James Baldwin’s writing is intensely relevant to contemporary politics and culture, and director Raoul Peck’s strategies for representing him and conveying his work in I Am Not Your Negro (2016) raise important questions about how documentary can bring the ideas of a complex thinker like Baldwin to a broader public. By combining five distinct perspectives on a single documentary film, this book offers different critical approaches to the same media object, acting both as an intensive scholarly treatment of a film and as a guide for how to analyze, theorize, and contextualize a documentary.
Undergraduate and graduate students as well as scholars of film and media studies, communication studies, African American Studies, and gender and sexuality studies will find this book extremely useful in understanding the significance of this film and the ways in which it offers insight into not only Baldwin and his writings but also wider historical and contemporary realities.
About the Author
Kristen Fuhs is Associate Professor of Media Studies in the Department of Communication at Woodbury University. She writes about documentary film, the American criminal justice system, and contemporary celebrity, and her work has appeared in journals such as Cultural Studies, The Historical Journal of Film, Radio, and Television, and the Journal of Sport & Social Issues. She is also the co-founder and editor of Docalogue, an online space to engage in conversations about contemporary documentary, as well as the related Docalogue book series.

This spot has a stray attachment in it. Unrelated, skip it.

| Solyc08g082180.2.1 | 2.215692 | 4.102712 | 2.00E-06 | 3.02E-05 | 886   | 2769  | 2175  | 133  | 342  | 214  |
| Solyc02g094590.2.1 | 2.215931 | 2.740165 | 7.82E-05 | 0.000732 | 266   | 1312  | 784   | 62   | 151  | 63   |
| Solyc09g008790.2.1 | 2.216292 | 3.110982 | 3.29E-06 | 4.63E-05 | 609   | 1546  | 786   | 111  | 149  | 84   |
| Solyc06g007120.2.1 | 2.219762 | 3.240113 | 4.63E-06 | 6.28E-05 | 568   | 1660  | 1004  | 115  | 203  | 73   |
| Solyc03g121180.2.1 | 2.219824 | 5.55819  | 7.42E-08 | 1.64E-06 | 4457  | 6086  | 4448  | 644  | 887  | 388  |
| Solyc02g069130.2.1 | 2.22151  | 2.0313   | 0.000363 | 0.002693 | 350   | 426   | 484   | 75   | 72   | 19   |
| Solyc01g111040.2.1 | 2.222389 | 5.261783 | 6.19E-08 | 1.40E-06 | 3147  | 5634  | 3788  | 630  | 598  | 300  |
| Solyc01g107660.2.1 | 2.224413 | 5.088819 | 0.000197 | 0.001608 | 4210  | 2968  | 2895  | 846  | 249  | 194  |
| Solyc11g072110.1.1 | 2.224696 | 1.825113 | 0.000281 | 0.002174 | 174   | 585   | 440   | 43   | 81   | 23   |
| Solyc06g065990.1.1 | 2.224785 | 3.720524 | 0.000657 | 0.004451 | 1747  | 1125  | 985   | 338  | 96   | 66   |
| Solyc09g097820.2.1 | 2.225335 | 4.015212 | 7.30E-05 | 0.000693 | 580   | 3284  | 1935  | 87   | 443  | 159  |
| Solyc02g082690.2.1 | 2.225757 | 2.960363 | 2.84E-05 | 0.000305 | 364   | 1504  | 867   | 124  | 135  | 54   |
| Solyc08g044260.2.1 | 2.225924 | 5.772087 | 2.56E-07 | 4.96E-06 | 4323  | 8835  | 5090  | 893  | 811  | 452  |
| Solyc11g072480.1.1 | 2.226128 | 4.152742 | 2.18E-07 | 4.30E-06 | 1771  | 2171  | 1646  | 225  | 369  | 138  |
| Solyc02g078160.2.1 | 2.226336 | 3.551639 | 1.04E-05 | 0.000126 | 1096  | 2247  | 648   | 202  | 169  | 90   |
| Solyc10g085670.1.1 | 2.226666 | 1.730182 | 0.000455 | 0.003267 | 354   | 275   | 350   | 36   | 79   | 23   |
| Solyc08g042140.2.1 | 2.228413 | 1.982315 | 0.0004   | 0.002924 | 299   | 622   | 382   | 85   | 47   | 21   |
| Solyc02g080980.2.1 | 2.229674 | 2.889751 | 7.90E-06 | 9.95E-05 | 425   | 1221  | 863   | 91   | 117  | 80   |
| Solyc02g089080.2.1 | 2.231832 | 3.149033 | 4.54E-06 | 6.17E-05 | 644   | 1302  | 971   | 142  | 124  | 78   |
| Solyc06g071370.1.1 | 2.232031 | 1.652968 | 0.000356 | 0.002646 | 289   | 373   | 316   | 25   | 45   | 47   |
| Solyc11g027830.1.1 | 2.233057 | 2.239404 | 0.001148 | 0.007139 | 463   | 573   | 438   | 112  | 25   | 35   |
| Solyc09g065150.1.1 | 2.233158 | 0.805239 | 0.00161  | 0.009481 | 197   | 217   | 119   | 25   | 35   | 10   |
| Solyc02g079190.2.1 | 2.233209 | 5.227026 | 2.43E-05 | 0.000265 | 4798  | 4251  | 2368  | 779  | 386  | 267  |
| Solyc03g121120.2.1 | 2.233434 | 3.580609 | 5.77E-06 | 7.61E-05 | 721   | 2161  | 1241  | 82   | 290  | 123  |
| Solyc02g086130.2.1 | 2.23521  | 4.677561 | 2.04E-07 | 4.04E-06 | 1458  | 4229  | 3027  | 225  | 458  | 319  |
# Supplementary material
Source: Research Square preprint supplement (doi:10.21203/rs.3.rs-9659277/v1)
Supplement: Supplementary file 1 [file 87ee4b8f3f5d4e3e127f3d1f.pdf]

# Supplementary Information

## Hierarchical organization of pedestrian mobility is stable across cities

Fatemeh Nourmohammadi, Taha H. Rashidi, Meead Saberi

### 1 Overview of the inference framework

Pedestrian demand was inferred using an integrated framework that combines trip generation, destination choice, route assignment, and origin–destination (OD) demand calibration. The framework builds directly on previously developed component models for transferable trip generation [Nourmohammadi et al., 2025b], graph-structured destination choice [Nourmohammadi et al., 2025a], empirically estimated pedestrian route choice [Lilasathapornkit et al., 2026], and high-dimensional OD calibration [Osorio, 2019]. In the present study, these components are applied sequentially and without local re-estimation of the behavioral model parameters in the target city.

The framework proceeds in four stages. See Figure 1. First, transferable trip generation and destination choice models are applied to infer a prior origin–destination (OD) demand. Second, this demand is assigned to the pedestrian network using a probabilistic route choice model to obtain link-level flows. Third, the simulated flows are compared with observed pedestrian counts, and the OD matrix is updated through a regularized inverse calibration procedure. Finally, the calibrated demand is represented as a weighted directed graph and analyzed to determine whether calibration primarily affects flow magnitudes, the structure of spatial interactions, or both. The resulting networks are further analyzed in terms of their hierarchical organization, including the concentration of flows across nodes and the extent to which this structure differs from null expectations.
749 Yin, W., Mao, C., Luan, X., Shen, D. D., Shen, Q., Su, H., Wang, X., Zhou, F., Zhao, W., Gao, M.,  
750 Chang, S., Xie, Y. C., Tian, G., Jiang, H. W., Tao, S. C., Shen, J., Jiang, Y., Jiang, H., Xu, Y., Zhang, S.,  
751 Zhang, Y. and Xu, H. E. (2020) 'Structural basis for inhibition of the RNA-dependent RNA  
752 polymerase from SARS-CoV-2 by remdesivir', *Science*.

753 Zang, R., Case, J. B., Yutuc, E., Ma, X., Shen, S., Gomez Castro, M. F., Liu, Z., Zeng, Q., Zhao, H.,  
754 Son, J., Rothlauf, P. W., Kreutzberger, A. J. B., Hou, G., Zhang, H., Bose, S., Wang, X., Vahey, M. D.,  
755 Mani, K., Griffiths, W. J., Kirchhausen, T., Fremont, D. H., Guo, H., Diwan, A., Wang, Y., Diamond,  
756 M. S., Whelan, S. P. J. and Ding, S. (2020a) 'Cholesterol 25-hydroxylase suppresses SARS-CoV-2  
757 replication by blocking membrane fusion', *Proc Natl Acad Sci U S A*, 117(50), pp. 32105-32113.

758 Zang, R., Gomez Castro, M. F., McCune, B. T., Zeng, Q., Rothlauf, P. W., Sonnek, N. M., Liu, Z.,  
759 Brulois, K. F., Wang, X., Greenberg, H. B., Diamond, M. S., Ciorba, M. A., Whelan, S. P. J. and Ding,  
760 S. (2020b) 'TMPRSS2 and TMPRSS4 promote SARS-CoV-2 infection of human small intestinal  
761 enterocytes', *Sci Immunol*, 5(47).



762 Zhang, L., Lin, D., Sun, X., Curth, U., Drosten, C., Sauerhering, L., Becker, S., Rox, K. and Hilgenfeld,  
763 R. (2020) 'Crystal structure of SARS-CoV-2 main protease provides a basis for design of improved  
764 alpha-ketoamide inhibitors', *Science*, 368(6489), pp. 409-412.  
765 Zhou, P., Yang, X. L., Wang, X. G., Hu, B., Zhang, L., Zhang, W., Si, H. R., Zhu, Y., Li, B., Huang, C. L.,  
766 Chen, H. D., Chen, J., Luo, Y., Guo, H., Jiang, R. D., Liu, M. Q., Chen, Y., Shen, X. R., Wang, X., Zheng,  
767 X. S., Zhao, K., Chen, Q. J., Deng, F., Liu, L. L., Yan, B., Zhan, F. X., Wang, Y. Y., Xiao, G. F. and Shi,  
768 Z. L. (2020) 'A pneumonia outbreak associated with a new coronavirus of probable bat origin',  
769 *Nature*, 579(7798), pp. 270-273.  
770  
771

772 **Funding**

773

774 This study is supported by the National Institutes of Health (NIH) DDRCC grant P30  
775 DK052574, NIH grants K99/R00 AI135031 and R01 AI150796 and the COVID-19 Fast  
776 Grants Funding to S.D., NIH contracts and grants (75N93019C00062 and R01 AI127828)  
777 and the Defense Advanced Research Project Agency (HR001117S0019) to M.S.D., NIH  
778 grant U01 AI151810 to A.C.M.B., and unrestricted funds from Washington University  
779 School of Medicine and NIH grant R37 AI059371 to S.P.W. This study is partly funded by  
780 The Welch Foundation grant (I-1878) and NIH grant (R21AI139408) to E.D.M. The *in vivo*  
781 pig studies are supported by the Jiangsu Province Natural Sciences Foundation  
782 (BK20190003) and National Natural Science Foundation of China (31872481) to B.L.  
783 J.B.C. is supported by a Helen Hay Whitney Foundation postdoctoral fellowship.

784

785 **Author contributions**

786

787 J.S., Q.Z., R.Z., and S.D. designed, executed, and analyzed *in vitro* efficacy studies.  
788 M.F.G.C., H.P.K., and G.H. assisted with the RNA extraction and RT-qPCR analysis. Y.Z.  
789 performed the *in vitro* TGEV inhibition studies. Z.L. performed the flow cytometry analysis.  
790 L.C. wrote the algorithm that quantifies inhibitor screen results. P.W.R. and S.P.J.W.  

Table of ContentsIntroduction: The Timeliness of I Am Not Your Negro
Chapter 1: I Am Not Your Negro’s Poetics of Identity and Omission
Courtney R. Baker
Chapter 2: James Baldwin’s Embodied Absence: I Am Not Your Negro and Filmic Corporeality
Chapter 3: "Some One of Us Should Have Been There with Her": Gender, Race, and Sexuality in I Am Not Your Negro and Contemporary Black Experimental Documentary
Ellen C. Scott
Chapter 4: James Baldwin: The Price of the Ticket (1989) and I Am Not Your Negro (2016) as Historicist Documentaries
Chapter 5: Techniques for Truth-Telling from Haitian Corner to I Am Not Your Negro